Garden ponds present some of the most demanding environments in which pumps are expected to perform. Let’s face it, both you and your customer want to install a pump and forget about it. In response to pondkeepers’ reluctance to get their hands wet for the sake of pump maintenance, many pump manufacturers have re-engineered their models to handle solids. This means that rather than clogging up with debris as they may have done before, they simply pass this debris through to the filter. Check out those pumps that can handle solids, and pass on the benefits to your customers.
b. Variable hose fittings.
You may be recommending a pump to replace or upgrade an existing model. If so, it will be worth checking that the new pump is compatible with the existing pipework that is buried beneath their rockery and waterfall. If not then you’ll need to supply a stepped hose connector that will allow their new purchase to fit a range of hose sizes, included their own.
3. Running costs – The Hidden Extras.
As a pump is likely to be used continuously (and you should make this clear to any new pond keeper), the running cost is a significant consideration when recommending a pump for a particular customer. Power consumption is measured in Watts with the greater the figure relating to a power-hungry pump. The wattage does not necessarily relate to the overall performance of the pump as many efficiencies in design and construction enable low wattage pumps to outperform pumps with larger motors. For example, when comparing 2 pumps each rated at 500 gph, one may be a 65W model while the other one may be a 100W model. Which would you recommend? The difference in running costs over the years could amount to the price of a new pump – and this should be made clear to your customer. When the running costs are forecasted across the 3 years (or longer) of the guaranteed life of a pump, you are able to get a true picture of the real cost of that pump.
As pondkeepers have demanded more from a pond pump, their design and construction has become more rugged and reliable. Consequently, most pumps are now sold with a free extended warranty of 3 years, with some models even carrying a 5 year guarantee. This is a measure of how reliable (and competitive) pond pumps have become. With standard care and the use of correct pipework so as not to produce high back pressures, then such guarantees can easily be exceeded. Pumps are likely to be more temperamental if they are switched on and off rather than used continuously and problems can also occur with pumps becoming blocked with debris or blanketweed, choking the impellor and leading to a burn-out.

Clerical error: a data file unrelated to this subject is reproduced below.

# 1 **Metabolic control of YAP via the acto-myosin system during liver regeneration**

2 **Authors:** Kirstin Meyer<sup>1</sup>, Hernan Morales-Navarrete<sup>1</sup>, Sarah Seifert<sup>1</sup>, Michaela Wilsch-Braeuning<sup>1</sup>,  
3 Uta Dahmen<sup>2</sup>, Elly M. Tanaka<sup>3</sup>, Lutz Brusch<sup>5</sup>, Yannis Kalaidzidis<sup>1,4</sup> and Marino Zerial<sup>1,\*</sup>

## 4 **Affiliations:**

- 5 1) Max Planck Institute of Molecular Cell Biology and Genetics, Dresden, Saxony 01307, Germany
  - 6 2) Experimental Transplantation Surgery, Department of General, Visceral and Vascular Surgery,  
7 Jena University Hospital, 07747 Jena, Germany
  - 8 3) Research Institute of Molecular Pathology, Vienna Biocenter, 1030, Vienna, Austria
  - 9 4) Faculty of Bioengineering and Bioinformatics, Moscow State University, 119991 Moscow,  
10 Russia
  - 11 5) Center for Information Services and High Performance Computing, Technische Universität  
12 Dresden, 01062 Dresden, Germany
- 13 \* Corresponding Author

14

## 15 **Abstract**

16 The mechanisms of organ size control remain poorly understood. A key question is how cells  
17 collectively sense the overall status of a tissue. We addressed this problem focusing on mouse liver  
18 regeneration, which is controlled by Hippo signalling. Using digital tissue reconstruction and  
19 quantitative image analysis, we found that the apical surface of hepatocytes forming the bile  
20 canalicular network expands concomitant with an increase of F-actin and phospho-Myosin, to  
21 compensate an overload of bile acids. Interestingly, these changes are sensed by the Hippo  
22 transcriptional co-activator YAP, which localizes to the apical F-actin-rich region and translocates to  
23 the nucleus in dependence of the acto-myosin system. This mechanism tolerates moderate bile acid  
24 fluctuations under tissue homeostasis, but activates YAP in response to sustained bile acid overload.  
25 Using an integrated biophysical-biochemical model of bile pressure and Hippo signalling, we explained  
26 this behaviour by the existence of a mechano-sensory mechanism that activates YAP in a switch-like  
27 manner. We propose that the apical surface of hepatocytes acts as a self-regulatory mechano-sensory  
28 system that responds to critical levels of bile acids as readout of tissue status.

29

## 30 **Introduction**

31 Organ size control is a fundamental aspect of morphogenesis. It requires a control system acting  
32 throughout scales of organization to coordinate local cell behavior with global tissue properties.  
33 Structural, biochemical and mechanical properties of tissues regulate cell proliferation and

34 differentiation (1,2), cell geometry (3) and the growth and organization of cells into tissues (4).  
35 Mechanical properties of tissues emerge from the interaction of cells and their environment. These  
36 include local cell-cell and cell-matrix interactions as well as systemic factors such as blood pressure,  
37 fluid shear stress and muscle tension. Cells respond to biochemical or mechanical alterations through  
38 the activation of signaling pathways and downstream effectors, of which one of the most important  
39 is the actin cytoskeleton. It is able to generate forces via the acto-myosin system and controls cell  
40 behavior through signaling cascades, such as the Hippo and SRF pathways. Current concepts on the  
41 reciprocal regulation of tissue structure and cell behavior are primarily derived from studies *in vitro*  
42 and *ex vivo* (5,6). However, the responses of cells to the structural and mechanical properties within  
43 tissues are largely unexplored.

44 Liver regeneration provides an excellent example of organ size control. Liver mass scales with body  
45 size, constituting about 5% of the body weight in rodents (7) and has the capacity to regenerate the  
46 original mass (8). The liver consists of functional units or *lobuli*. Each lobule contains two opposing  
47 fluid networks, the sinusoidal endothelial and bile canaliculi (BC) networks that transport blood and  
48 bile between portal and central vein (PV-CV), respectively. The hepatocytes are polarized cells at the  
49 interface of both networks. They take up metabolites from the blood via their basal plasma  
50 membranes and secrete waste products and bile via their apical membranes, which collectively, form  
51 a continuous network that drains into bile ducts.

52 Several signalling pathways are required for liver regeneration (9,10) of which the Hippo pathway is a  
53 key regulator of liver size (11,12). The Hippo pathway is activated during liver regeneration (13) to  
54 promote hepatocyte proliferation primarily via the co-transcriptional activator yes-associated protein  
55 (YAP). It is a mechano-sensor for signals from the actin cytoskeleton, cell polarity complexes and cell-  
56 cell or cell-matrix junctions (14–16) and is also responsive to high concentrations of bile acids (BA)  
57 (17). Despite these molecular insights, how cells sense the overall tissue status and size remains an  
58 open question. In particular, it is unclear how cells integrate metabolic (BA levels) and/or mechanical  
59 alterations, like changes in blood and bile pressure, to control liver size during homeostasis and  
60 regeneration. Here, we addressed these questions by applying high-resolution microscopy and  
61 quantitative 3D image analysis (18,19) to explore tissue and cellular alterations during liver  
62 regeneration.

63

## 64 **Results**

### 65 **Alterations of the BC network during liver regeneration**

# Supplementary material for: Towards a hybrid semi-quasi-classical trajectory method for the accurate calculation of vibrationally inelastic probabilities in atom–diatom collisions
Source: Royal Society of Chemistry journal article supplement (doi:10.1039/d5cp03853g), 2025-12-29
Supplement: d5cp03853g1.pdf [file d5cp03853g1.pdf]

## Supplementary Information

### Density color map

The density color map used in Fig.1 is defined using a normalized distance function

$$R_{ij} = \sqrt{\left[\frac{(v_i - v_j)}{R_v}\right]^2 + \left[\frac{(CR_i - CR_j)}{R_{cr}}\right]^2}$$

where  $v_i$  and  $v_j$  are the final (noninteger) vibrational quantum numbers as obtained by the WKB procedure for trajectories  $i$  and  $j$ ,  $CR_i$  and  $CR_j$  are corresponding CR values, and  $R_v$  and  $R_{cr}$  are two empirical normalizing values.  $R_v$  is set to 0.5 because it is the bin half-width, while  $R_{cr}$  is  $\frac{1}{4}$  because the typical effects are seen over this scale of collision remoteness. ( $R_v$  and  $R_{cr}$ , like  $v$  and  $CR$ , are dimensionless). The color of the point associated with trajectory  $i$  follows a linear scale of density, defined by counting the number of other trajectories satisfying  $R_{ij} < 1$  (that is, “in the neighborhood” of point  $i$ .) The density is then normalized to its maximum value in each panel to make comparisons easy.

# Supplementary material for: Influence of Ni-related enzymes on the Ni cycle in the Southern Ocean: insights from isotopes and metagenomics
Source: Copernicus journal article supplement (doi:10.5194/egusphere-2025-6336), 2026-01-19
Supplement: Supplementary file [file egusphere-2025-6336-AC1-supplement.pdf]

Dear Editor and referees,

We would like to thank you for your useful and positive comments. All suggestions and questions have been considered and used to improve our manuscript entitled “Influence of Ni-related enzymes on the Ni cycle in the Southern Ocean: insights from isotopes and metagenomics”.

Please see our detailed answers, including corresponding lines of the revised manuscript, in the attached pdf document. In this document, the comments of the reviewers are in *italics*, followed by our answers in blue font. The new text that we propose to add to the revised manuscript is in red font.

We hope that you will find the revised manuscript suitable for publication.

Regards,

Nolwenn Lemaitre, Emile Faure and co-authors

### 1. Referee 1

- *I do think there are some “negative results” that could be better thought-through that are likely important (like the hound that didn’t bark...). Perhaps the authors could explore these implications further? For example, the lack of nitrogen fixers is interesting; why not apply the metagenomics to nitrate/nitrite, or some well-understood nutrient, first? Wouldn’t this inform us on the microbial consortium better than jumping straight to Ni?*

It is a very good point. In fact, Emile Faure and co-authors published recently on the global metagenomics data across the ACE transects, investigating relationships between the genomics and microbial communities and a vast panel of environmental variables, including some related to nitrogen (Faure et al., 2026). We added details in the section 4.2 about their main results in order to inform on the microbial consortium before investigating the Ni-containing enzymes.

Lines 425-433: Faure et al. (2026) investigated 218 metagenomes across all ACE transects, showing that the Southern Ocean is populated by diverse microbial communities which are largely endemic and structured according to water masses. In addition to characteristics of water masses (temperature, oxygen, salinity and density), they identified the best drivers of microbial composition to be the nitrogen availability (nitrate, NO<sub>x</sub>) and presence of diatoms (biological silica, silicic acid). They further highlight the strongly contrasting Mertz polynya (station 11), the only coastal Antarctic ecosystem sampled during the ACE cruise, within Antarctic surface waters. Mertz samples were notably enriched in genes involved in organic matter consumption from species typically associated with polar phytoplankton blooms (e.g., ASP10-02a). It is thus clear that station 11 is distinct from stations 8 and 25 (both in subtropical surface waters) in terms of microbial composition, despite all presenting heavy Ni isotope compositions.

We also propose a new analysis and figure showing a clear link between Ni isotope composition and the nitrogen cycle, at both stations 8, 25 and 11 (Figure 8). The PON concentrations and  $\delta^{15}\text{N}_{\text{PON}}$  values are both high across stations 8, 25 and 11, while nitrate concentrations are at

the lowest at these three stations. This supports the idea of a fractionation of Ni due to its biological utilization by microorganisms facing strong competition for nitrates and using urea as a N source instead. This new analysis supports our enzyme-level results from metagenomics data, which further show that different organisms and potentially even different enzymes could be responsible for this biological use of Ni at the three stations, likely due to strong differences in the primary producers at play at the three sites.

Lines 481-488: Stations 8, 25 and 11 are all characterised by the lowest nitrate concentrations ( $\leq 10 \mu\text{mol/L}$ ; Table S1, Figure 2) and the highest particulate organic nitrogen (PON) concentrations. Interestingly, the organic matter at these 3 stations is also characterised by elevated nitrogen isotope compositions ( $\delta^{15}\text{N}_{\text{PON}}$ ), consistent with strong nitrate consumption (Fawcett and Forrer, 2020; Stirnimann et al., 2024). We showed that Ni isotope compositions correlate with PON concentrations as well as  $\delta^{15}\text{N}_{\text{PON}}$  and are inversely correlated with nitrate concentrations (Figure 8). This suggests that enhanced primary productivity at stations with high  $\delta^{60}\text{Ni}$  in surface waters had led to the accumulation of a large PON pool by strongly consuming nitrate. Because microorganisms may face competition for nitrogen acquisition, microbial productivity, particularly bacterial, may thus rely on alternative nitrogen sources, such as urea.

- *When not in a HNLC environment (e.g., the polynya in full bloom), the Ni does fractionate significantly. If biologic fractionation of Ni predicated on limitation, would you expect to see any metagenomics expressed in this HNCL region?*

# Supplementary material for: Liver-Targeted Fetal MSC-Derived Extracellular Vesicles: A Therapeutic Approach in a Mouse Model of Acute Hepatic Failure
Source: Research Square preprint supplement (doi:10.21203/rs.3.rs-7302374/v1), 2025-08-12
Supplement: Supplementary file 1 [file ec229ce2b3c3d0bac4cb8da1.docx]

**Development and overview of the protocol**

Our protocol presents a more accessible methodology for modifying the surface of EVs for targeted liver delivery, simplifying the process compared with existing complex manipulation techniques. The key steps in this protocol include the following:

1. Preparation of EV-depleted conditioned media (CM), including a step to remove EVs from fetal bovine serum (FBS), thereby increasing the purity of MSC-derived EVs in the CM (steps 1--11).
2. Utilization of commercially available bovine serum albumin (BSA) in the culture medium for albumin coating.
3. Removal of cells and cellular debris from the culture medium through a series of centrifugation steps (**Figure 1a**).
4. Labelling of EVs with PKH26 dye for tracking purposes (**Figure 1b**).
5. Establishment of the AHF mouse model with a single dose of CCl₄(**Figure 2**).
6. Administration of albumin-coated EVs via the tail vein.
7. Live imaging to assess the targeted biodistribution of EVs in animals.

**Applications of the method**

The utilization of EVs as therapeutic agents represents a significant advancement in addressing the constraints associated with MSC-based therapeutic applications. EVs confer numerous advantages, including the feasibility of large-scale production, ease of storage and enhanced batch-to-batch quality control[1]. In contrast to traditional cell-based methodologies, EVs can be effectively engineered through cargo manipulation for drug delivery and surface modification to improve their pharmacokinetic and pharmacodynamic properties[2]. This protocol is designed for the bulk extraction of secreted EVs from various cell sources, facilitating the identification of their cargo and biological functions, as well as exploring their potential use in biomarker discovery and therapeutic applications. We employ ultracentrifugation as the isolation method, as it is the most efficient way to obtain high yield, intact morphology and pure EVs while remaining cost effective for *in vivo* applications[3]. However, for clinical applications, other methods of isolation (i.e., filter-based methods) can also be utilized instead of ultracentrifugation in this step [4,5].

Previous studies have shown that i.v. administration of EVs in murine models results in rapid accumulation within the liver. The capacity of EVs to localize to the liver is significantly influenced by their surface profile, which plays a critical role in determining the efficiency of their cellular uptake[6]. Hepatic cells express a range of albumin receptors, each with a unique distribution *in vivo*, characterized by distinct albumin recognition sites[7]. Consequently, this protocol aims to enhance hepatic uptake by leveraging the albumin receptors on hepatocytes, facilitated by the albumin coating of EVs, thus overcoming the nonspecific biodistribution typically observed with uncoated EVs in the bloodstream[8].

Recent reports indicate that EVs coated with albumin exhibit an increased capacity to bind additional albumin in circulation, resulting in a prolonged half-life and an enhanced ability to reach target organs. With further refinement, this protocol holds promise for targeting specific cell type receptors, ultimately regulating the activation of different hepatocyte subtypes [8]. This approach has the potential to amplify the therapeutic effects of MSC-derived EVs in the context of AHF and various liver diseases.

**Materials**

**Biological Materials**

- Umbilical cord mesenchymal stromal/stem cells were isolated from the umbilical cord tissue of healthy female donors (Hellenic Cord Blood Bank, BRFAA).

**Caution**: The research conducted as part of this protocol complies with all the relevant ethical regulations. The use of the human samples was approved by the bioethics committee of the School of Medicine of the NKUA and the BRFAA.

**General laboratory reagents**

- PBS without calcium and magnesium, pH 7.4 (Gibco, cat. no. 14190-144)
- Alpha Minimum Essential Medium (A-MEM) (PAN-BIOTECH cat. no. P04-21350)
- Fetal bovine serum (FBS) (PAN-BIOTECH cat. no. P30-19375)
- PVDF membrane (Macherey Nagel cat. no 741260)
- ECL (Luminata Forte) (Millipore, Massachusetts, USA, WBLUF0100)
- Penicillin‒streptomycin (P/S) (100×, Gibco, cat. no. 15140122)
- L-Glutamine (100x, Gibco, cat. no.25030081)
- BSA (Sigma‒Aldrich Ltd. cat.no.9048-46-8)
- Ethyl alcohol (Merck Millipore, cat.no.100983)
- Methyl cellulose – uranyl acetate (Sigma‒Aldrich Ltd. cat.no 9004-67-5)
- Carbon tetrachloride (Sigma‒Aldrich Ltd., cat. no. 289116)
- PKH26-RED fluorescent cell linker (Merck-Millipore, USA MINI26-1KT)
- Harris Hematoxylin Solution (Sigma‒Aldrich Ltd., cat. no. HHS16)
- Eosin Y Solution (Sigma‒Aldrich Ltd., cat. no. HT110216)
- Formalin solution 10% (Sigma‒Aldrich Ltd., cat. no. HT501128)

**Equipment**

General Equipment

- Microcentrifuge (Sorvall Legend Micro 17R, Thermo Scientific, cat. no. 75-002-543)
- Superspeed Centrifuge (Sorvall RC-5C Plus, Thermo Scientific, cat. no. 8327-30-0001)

Those pumps that are not solids-handling are fitted with foam or perforated plastic pre-filters to prevent impellors from becoming blocked. These prefilters can soon reduce pump performance even when only partially blocked. Self-cleaning pre-filters are available as a remedy for this common blocking problem and as mentioned earlier, pumps that will handle solids up to 10mm are now available on the market.
In summary, there has arguably never been a better time to stock pumps. The choice, quality and back-up offered by most manufacturers are excellent. There is a huge range to choose from, most of which offer your customer the latest engineering and efficiency, giving both them and you complete peace of mind. Be prepared to offer a quick, reliable recommendation (you know how hectic the pond section can become) – better still if your customers bring their pond’s measurements to your store.
Depending on the size of their pond etc it would be wise to have a set, proven pump (and filter) that will allow them to succeed at pondkeeping. Use a quick checklist as outlined earlier to ensure they go away happy, having been recommend the best pump for their pond.